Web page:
Question: The "service engine soon" light in my 2002 Saturn SC2 with 61,000 miles keeps turning on even though I've had the vehicle checked several times. At present, the light is on constantly. A technician I spoke with said this probably means there's a tiny leak of gasoline vapor somewhere, which will not be destructive to the car. What do you think should be done?

Answer: Fix it. A simple scan of the powertrain control module should identify the specific diagnostic trouble code that is triggering the light. A number of auto-parts stores will provide this service at no charge.

Since 1996, carmakers have been required to monitor the evaporative emissions control system for any leaks and for whether the purge-and-vent solenoids are opening and closing properly.

One of the most common causes for an EVAP fault code is a gas cap that does not seal properly.

Q: My question is regarding the daytime running lights becoming so popular on new cars. Why do the car manufacturers have the turn signal cancel out these lights during the day? I see it frequently when a car is approaching with daytime running lights on. The car activates the right-turn signal, and the right headlight goes out. Why is it programmed this way?

A: Interesting question. Daytime running lights were developed to improve visibility of vehicles to nearby motorists and pedestrians.

With the increased intensity of modern headlights, the relatively low-intensity turn-signal lamps on the front of vehicles can be obscured by very bright high-intensity discharge headlights. To make sure the turn signal on the front of the car is visible, several carmakers program their vehicles' lighting system to cancel the daytime running lights on that side when the turn signal is engaged.

Remember the adage "Solve one problem, create another"?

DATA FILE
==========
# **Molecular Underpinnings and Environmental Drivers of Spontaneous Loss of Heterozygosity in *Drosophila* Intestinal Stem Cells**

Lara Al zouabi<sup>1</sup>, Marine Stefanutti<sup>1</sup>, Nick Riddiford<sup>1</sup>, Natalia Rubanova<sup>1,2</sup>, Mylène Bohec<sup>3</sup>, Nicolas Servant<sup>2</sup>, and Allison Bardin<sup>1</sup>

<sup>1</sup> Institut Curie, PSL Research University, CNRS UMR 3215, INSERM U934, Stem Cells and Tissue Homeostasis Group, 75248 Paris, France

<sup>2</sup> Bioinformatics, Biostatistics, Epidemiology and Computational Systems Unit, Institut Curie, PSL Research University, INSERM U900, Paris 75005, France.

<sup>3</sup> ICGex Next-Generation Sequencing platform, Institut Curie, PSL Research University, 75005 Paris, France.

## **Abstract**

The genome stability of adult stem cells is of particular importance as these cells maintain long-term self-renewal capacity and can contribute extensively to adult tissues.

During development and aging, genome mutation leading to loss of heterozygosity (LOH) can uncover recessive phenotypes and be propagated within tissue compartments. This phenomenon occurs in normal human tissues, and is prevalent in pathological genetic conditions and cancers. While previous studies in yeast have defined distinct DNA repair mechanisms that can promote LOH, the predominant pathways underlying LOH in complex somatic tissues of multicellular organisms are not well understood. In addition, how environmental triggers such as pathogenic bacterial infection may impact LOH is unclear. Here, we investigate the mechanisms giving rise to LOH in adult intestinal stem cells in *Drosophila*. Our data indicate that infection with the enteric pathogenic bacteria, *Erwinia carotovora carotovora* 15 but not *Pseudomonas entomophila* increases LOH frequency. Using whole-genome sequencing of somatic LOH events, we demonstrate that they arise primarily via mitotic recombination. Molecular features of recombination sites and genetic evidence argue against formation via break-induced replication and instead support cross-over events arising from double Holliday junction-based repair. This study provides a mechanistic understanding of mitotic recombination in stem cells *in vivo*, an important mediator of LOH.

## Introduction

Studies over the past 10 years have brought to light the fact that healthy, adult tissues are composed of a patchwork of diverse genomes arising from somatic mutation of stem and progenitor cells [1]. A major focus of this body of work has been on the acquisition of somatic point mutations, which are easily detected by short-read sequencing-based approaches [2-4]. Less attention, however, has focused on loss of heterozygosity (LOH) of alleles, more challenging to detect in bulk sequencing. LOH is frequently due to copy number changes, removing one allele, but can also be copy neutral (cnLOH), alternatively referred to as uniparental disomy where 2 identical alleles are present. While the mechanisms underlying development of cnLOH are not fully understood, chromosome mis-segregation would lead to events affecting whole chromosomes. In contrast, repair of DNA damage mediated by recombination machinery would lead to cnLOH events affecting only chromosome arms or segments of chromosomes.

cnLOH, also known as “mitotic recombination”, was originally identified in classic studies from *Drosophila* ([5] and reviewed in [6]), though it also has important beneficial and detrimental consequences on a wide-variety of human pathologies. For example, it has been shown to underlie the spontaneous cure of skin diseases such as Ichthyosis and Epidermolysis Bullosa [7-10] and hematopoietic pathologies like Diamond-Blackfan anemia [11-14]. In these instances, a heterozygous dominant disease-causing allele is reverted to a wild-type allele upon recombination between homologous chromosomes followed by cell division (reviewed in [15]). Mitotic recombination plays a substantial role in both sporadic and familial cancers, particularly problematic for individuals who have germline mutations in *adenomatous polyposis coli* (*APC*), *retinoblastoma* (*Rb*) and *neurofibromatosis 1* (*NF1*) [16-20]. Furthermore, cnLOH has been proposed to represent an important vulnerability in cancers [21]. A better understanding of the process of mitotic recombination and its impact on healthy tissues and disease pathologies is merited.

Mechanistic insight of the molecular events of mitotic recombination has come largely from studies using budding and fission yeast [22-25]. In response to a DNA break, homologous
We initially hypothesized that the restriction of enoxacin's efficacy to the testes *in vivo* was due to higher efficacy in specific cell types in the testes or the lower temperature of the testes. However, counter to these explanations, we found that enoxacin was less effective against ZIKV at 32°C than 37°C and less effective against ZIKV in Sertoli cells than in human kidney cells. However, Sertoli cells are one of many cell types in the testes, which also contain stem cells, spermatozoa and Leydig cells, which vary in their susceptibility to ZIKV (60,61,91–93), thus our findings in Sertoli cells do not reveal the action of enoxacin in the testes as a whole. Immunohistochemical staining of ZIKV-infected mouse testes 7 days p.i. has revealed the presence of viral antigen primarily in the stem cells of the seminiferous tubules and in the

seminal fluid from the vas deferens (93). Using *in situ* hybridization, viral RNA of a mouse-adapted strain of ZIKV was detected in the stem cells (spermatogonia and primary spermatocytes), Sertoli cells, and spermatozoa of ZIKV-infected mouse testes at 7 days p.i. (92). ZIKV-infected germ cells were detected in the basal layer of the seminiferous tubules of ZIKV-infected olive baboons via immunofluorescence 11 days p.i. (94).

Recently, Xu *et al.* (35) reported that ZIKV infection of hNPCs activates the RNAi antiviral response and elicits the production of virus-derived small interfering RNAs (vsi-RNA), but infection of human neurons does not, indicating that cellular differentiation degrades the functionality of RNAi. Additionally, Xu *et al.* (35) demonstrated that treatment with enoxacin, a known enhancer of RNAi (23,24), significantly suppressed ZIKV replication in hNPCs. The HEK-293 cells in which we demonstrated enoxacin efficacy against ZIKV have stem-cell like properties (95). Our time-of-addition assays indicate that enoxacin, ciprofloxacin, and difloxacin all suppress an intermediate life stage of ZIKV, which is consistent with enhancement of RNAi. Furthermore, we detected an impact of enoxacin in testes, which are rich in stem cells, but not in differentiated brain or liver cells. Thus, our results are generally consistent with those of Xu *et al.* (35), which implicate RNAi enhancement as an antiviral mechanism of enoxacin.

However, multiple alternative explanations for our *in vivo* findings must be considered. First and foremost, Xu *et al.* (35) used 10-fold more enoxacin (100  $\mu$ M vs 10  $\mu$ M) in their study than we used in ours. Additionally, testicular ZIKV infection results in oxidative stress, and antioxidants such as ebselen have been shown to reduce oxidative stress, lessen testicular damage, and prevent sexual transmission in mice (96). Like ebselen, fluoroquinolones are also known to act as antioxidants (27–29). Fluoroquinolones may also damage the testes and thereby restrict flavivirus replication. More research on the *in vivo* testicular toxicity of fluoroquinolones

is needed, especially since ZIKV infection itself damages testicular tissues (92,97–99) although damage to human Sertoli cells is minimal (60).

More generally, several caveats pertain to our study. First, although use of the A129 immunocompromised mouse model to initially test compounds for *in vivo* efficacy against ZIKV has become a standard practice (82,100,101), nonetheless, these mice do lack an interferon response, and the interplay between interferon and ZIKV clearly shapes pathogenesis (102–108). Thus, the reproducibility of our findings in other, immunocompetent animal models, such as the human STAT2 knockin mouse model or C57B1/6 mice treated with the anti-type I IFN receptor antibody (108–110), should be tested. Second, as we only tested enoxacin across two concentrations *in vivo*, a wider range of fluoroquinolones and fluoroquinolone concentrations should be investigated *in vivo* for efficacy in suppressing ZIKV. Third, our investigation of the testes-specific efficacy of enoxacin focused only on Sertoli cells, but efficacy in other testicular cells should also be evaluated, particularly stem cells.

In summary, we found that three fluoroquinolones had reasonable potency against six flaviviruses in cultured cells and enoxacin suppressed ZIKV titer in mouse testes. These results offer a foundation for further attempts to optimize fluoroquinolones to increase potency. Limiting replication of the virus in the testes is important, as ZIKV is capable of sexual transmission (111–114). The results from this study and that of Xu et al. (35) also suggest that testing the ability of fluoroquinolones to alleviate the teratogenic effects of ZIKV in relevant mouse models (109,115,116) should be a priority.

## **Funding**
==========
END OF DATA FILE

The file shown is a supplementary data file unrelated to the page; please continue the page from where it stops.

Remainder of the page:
Q: My wife purchased a new 2015 Volvo XC60 in 2014. It now has 25,000 miles on the odometer.

I noticed the rear end was grinding whenever a right or left turn was made after a complete stop. It seemed more pronounced during right turns. The dealer could not duplicate the condition and suggested that whatever I was hearing or feeling was likely due to all four tires being "cupped." The service manager told me not to worry since we had another year and about 2,000 miles of warranty remaining. Now it seems to be getting worse. What to do?

A: Grinding noises while turning are often a symptom of a hub-wheel bearing issue. When turning, the ball bearing tends to lean against the side of the bearing race. Wear or corrosion on this surface of the race is what creates the roughness or noise.

Sometimes you can actually feel this roughness when, with the suspension on a jack stand, you place your hand on the coil spring above the tire and spin the wheel by hand.

An automotive database pulled up Volvo bulletin TJ25167, which lists a replacement hub incorporating a new splash shield to improve bearing life. Next time you take the car to the dealer, suggest that a technician drive with you to experience the noise.

Paul Brand, author of "How to Repair Your Car," is an automotive troubleshooter, driving instructor, and former race-car driver. paulbrand@startribune.com.